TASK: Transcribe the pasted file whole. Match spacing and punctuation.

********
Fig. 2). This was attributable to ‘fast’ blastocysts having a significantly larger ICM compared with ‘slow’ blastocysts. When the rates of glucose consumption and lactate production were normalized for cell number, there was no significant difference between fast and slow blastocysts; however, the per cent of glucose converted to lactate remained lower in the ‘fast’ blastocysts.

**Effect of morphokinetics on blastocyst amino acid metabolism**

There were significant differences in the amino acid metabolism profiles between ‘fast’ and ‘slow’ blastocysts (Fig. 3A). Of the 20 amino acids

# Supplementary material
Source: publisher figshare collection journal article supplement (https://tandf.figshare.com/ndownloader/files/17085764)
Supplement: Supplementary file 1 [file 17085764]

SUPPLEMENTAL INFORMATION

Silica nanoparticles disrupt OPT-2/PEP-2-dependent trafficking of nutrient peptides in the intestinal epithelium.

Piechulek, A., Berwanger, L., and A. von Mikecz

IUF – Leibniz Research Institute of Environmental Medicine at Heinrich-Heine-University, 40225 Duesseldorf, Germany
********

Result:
Fig. 2). This was attributable to ‘fast’ blastocysts having a significantly larger ICM compared with ‘slow’ blastocysts. When the rates of glucose consumption and lactate production were normalized for cell number, there was no significant difference between fast and slow blastocysts; however, the per cent of glucose converted to lactate remained lower in the ‘fast’ blastocysts.

**Effect of morphokinetics on blastocyst amino acid metabolism**

There were significant differences in the amino acid metabolism profiles between ‘fast’ and ‘slow’ blastocysts (Fig. 3A). Of the 20 amino acids

# Supplementary material
Source: publisher figshare collection journal article supplement (https://tandf.figshare.com/ndownloader/files/17085764)
Supplement: Supplementary file 1 [file 17085764]

SUPPLEMENTAL INFORMATION

Silica nanoparticles disrupt OPT-2/PEP-2-dependent trafficking of nutrient peptides in the intestinal epithelium.

Piechulek, A., Berwanger, L., and A. von Mikecz

IUF – Leibniz Research Institute of Environmental Medicine at Heinrich-Heine-University, 40225 Duesseldorf, Germany